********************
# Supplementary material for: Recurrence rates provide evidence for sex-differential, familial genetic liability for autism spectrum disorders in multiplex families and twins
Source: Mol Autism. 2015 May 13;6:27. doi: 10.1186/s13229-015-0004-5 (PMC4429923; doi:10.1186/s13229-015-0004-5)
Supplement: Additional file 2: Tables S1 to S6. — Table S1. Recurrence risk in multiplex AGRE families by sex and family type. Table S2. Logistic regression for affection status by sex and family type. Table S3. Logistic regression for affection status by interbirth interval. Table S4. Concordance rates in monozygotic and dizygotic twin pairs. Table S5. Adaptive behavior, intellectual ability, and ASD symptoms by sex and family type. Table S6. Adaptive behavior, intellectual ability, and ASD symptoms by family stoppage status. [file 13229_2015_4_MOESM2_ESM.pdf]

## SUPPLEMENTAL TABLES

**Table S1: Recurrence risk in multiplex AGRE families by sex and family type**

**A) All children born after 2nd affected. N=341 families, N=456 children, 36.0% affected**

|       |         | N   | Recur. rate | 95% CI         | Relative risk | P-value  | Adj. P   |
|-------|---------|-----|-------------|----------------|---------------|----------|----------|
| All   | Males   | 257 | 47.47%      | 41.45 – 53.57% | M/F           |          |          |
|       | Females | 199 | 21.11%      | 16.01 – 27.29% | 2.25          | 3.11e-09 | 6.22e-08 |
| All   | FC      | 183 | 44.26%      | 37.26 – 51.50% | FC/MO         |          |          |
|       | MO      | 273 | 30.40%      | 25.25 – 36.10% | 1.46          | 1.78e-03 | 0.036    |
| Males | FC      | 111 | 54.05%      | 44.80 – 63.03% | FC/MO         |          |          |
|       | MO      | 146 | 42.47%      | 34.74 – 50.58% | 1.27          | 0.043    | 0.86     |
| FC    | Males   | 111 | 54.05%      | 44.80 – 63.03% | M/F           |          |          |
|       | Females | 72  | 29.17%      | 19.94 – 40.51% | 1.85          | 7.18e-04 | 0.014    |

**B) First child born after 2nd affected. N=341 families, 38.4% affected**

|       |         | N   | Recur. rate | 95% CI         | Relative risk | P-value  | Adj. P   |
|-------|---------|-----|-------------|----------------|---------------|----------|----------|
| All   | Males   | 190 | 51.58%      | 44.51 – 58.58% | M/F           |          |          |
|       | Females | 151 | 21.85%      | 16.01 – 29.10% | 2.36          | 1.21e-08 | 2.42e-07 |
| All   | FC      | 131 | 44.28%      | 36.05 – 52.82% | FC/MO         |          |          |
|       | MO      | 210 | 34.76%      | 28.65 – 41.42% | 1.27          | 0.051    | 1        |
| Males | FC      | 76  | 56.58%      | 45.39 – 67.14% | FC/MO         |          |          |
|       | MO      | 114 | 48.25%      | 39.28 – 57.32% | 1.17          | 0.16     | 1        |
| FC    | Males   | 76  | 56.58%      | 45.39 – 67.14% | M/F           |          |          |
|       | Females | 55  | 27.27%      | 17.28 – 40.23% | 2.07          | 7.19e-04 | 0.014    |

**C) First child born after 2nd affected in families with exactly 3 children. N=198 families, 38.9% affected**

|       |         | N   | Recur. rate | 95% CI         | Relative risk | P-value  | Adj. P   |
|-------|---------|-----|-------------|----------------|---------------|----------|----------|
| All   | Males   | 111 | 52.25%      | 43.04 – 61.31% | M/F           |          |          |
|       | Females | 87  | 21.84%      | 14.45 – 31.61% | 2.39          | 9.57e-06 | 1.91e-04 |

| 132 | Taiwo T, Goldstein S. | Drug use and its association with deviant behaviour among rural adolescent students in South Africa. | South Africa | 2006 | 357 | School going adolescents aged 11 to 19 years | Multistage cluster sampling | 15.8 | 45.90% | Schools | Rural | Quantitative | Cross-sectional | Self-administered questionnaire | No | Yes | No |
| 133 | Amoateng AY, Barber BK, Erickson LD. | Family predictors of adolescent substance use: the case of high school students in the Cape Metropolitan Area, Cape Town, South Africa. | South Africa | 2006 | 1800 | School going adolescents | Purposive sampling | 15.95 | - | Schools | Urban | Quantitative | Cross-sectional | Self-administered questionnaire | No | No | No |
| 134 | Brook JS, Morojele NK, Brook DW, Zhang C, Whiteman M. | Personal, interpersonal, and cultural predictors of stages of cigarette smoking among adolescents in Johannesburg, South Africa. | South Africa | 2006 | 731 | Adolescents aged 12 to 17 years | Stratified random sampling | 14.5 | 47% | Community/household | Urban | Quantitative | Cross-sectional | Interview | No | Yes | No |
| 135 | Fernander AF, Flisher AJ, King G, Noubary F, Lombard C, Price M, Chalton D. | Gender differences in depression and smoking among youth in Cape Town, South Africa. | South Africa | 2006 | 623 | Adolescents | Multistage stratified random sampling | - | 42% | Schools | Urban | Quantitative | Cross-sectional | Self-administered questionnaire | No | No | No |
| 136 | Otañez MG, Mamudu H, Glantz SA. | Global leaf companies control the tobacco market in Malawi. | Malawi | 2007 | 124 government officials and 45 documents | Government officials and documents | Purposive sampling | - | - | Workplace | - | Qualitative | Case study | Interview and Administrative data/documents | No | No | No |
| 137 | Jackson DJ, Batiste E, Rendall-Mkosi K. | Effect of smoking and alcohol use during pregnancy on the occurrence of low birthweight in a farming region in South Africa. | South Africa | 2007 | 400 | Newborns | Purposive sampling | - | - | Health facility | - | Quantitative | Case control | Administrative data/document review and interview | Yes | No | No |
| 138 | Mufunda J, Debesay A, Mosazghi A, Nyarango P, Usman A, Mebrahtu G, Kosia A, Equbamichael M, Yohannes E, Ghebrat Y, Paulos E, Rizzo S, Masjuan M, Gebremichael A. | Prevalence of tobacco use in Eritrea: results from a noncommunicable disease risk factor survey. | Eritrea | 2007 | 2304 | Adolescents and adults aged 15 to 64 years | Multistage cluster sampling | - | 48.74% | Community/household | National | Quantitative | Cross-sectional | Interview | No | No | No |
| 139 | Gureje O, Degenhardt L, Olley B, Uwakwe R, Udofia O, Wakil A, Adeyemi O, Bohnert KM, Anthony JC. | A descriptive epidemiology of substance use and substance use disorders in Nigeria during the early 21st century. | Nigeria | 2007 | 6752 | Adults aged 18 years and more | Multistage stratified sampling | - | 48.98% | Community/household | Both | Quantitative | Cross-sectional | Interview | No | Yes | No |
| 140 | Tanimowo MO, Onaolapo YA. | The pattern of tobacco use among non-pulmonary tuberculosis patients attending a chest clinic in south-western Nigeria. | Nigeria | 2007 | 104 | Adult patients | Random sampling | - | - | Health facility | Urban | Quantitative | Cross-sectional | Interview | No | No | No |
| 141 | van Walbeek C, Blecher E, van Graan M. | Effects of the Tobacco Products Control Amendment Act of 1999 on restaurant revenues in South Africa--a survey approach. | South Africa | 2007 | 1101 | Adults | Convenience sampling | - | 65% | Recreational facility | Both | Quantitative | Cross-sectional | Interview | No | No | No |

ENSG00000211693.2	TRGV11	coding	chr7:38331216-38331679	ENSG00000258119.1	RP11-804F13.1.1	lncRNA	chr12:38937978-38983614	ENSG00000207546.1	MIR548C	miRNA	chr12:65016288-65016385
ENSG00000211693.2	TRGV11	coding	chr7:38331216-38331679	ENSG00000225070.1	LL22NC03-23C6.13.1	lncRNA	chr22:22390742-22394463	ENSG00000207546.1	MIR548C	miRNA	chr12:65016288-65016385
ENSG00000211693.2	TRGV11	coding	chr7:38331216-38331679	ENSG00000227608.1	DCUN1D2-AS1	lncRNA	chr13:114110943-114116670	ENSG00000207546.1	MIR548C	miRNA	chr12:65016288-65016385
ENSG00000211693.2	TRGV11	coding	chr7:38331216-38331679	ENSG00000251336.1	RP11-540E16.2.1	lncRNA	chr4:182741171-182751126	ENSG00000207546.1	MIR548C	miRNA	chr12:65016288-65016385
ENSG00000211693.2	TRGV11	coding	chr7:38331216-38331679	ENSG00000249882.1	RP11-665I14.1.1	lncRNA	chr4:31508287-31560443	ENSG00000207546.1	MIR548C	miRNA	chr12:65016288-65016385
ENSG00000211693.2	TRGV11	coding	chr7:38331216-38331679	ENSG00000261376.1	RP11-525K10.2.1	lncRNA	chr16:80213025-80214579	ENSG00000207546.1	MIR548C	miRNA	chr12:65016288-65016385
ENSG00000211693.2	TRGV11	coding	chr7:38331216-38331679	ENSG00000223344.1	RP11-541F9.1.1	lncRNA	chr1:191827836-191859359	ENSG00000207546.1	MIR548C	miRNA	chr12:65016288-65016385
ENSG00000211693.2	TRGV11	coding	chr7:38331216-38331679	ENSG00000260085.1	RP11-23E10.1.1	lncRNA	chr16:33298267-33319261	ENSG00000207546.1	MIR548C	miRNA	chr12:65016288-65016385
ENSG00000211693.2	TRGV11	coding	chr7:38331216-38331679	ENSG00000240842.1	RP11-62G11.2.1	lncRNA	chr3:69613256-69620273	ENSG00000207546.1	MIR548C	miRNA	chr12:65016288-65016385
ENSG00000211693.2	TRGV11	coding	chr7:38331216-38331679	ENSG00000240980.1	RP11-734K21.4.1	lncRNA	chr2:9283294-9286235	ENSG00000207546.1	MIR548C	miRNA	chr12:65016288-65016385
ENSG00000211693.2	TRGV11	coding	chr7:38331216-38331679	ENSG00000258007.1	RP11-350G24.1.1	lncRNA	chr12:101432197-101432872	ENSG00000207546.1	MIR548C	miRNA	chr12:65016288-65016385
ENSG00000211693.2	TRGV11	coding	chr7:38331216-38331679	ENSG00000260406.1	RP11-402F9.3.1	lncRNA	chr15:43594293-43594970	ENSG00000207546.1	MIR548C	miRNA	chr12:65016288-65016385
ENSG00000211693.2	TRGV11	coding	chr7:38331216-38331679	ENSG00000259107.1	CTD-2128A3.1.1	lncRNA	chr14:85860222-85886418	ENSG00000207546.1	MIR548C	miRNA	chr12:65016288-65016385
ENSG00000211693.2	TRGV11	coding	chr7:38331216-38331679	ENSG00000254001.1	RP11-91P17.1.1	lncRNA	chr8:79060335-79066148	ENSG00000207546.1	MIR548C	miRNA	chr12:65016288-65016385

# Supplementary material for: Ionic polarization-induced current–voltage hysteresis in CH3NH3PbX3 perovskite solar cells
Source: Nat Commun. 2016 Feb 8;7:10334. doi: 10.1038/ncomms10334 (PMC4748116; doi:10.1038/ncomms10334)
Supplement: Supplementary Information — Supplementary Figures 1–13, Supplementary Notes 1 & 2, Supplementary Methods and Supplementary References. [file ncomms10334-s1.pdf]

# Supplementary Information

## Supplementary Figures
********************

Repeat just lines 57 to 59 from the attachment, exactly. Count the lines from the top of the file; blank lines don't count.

# Supplementary material for: Ionic polarization-induced current–voltage hysteresis in CH3NH3PbX3 perovskite solar cells
Source: Nat Commun. 2016 Feb 8;7:10334. doi: 10.1038/ncomms10334 (PMC4748116; doi:10.1038/ncomms10334)
Supplement: Supplementary Information — Supplementary Figures 1–13, Supplementary Notes 1 & 2, Supplementary Methods and Supplementary References. [file ncomms10334-s1.pdf]